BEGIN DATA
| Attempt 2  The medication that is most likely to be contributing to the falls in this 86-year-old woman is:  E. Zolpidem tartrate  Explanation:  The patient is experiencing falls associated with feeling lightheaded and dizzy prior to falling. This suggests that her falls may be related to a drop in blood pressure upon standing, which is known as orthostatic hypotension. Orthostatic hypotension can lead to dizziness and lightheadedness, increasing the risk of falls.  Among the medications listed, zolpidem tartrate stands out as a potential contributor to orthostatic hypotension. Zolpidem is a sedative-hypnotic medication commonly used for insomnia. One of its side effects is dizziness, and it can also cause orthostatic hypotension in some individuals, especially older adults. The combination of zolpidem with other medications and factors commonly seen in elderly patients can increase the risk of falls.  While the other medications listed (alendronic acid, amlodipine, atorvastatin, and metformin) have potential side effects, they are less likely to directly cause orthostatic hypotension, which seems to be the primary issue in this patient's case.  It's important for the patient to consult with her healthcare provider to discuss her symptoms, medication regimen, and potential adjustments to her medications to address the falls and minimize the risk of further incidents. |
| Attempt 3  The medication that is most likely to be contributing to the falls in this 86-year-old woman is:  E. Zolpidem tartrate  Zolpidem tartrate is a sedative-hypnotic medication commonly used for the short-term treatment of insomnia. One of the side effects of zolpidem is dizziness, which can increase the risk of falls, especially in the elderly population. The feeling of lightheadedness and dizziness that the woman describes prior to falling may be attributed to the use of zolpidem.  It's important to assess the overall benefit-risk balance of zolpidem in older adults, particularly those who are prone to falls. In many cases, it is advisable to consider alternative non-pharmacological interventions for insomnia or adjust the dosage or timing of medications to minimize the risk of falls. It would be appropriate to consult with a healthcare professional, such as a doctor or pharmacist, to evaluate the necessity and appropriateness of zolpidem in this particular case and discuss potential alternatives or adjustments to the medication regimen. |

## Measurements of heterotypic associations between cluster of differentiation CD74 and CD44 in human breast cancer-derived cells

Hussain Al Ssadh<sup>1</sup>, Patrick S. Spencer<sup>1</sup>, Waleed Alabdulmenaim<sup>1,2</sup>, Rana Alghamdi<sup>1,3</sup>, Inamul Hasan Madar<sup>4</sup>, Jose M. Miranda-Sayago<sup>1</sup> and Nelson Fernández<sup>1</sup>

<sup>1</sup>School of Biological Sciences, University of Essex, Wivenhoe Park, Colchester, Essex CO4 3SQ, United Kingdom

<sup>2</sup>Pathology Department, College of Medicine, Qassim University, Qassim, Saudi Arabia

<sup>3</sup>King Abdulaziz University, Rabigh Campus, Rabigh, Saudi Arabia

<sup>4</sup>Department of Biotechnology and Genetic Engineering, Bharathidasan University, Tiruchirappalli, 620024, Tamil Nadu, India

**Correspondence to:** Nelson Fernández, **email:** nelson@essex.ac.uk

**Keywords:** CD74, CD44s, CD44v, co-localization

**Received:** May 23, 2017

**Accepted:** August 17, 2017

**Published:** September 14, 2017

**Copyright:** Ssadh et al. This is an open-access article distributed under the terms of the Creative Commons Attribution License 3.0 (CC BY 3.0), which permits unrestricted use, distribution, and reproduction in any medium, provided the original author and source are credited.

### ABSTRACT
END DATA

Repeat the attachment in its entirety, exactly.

| Attempt 2  The medication that is most likely to be contributing to the falls in this 86-year-old woman is:  E. Zolpidem tartrate  Explanation:  The patient is experiencing falls associated with feeling lightheaded and dizzy prior to falling. This suggests that her falls may be related to a drop in blood pressure upon standing, which is known as orthostatic hypotension. Orthostatic hypotension can lead to dizziness and lightheadedness, increasing the risk of falls.  Among the medications listed, zolpidem tartrate stands out as a potential contributor to orthostatic hypotension. Zolpidem is a sedative-hypnotic medication commonly used for insomnia. One of its side effects is dizziness, and it can also cause orthostatic hypotension in some individuals, especially older adults. The combination of zolpidem with other medications and factors commonly seen in elderly patients can increase the risk of falls.  While the other medications listed (alendronic acid, amlodipine, atorvastatin, and metformin) have potential side effects, they are less likely to directly cause orthostatic hypotension, which seems to be the primary issue in this patient's case.  It's important for the patient to consult with her healthcare provider to discuss her symptoms, medication regimen, and potential adjustments to her medications to address the falls and minimize the risk of further incidents. |
| Attempt 3  The medication that is most likely to be contributing to the falls in this 86-year-old woman is:  E. Zolpidem tartrate  Zolpidem tartrate is a sedative-hypnotic medication commonly used for the short-term treatment of insomnia. One of the side effects of zolpidem is dizziness, which can increase the risk of falls, especially in the elderly population. The feeling of lightheadedness and dizziness that the woman describes prior to falling may be attributed to the use of zolpidem.  It's important to assess the overall benefit-risk balance of zolpidem in older adults, particularly those who are prone to falls. In many cases, it is advisable to consider alternative non-pharmacological interventions for insomnia or adjust the dosage or timing of medications to minimize the risk of falls. It would be appropriate to consult with a healthcare professional, such as a doctor or pharmacist, to evaluate the necessity and appropriateness of zolpidem in this particular case and discuss potential alternatives or adjustments to the medication regimen. |

## Measurements of heterotypic associations between cluster of differentiation CD74 and CD44 in human breast cancer-derived cells

Hussain Al Ssadh<sup>1</sup>, Patrick S. Spencer<sup>1</sup>, Waleed Alabdulmenaim<sup>1,2</sup>, Rana Alghamdi<sup>1,3</sup>, Inamul Hasan Madar<sup>4</sup>, Jose M. Miranda-Sayago<sup>1</sup> and Nelson Fernández<sup>1</sup>

<sup>1</sup>School of Biological Sciences, University of Essex, Wivenhoe Park, Colchester, Essex CO4 3SQ, United Kingdom

<sup>2</sup>Pathology Department, College of Medicine, Qassim University, Qassim, Saudi Arabia

<sup>3</sup>King Abdulaziz University, Rabigh Campus, Rabigh, Saudi Arabia

<sup>4</sup>Department of Biotechnology and Genetic Engineering, Bharathidasan University, Tiruchirappalli, 620024, Tamil Nadu, India

**Correspondence to:** Nelson Fernández, **email:** nelson@essex.ac.uk

**Keywords:** CD74, CD44s, CD44v, co-localization

**Received:** May 23, 2017

**Accepted:** August 17, 2017

**Published:** September 14, 2017

**Copyright:** Ssadh et al. This is an open-access article distributed under the terms of the Creative Commons Attribution License 3.0 (CC BY 3.0), which permits unrestricted use, distribution, and reproduction in any medium, provided the original author and source are credited.

### ABSTRACT